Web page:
For adult children caring for an elderly parent, serving as a caregiver often means accompanying them to lots of medical appointments. In addition to a source of transportation, caregivers often need to be an advocate, offering another set of ears for physician instructions, listening to possible side effects of medications, understanding expectations of the coming days and weeks, and much more.
Being prepared is the best way to get the most out of these appointments, but what are some top questions caregivers should ask the doctor at each visit? How can they best serve as a patient advocate on behalf of the older adult in their life? We asked experts around the country for their thoughts and advice on the topic:
Jennifer R. Prescott, RN, MSN, CDP, Blue Water Homecare
“Being prepared for physician visits is helpful to ensure your questions and issues are addressed, as visit time seems to be getting shorter and shorter. It may be helpful to communicate questions in advance to the physician’s nurse or office staff in writing, via email or fax. Here is a list of top questions adult children should ask during each visit:
- Can you share with me a copy of my parent’s current medication list? Are there any medication side effects we need to be aware of with the current medication regimen?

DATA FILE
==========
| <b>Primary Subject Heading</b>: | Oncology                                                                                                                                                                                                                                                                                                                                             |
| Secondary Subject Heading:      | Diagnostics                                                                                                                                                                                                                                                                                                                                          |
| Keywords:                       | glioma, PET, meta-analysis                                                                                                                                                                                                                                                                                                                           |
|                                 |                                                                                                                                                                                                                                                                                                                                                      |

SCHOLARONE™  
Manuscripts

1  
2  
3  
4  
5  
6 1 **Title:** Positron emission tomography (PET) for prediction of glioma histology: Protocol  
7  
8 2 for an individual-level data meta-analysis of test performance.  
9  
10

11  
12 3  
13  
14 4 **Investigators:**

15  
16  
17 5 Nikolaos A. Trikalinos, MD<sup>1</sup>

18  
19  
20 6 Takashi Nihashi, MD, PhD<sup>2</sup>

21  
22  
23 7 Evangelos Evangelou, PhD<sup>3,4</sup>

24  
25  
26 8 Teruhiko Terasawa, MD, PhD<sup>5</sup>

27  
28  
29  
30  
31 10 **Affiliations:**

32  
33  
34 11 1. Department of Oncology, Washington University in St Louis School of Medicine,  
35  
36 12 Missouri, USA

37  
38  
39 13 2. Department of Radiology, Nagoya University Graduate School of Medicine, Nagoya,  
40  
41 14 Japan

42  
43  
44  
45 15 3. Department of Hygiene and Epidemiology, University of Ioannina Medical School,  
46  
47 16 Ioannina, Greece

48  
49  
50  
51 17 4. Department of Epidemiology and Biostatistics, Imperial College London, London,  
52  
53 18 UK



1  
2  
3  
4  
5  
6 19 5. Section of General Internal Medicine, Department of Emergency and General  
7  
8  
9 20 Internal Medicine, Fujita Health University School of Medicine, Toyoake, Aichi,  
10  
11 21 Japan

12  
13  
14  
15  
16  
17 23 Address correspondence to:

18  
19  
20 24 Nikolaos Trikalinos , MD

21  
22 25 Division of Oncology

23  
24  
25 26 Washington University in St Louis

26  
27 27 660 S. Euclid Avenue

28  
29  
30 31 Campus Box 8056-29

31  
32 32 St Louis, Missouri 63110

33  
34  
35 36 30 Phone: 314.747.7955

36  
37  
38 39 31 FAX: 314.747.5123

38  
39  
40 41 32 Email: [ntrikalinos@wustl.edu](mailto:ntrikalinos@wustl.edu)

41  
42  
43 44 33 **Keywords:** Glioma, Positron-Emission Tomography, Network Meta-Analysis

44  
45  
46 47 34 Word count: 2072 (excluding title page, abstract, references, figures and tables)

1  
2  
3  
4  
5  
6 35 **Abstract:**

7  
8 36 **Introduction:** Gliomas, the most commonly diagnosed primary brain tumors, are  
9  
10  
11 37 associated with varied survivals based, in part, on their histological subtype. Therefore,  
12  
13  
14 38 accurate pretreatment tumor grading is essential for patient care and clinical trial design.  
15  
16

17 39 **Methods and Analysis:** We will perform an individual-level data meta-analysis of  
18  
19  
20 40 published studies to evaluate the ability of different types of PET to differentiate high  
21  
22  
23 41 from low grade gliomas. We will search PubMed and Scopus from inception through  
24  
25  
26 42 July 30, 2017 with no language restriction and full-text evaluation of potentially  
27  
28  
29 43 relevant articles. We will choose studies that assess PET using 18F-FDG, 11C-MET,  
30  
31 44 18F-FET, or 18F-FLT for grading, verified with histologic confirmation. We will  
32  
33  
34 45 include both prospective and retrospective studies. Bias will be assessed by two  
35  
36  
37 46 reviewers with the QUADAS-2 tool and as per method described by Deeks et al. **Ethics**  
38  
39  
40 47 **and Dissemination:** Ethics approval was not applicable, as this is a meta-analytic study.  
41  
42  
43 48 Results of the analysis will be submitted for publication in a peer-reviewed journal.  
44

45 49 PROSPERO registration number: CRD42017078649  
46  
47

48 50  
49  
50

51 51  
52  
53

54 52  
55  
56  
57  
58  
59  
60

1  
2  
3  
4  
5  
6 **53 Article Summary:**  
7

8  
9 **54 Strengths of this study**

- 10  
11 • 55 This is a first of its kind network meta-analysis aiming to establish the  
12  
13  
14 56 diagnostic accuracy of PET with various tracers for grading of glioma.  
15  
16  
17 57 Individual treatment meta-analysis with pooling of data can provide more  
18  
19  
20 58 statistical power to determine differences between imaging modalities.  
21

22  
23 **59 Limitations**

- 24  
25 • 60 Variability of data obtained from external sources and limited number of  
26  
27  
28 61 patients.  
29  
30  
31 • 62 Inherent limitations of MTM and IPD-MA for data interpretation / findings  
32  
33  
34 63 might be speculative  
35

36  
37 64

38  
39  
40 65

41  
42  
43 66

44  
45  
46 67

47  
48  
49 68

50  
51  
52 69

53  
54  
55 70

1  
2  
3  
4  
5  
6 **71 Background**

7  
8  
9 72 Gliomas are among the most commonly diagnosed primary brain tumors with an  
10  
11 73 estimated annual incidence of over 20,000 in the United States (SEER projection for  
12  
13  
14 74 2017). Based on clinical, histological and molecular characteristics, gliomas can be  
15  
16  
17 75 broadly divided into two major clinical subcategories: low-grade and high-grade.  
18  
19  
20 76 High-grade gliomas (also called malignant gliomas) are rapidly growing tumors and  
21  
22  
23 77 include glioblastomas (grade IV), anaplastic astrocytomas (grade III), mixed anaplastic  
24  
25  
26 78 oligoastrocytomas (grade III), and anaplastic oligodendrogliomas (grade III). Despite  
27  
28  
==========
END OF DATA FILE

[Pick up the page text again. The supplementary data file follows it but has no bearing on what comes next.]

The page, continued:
- What type of legal directives do I need to have prepared to ensure so I may advocate for my parent?
- Does my parent need to sign anything in your office to allow me to have access to medical information?
- What is a good exercise regimen for this age and does it have any physical limitations?
- Are their immunizations up-to-date (including tetanus, pneumonia, flu, COVID)?
- How do you feel my parent’s overall health is compared to others at their age?
- Do you feel my parent is safe living at home?
- Are there any resources in the community you feel my parent may benefit from to help them to continue to age in place? Home health? Therapy? Hospice?
- Are you making any medication changes during this visit?
- Are there any other physicians my parent should be seeing on a regular basis?
It is helpful to meet with a local geriatric care manager or elder care specialist in your community. They are trained to help you evaluate your parent’s current living situation and safety while aging in place and to give you advice on planning for the next stages of life. Your parent(s) will likely benefit from open lines of communication and being a part of decision-making.”
Andrew Duxbury, MD, geriatric physician, University of Alabama at Birmingham, author of ‘The Accidental Plague Diaries’
“What to ask a health provider at every visit if you are helping a parent manage their health care:
- Here is the list of medications that my parent is currently taking at home and how he/she takes them. Will you check this and make sure it is correct and update your chart record so that they are the same? Are there any changes for our list?”
- Is there anything in my parent’s health conditions or medications that might increase their risk of falling? Is there anything we should be doing differently to mitigate this risk?
- What resources do you recommend for me to educate myself on my parent’s health condition?
- What steps do I need to take to make sure me and my parent can stay in good communication with your office?
Remember that you are acting in a partnership together with your parents and their health providers. Allow your parents to have as much autonomy in their health decision-making as possible even if some of their decisions are not the decisions you would make.”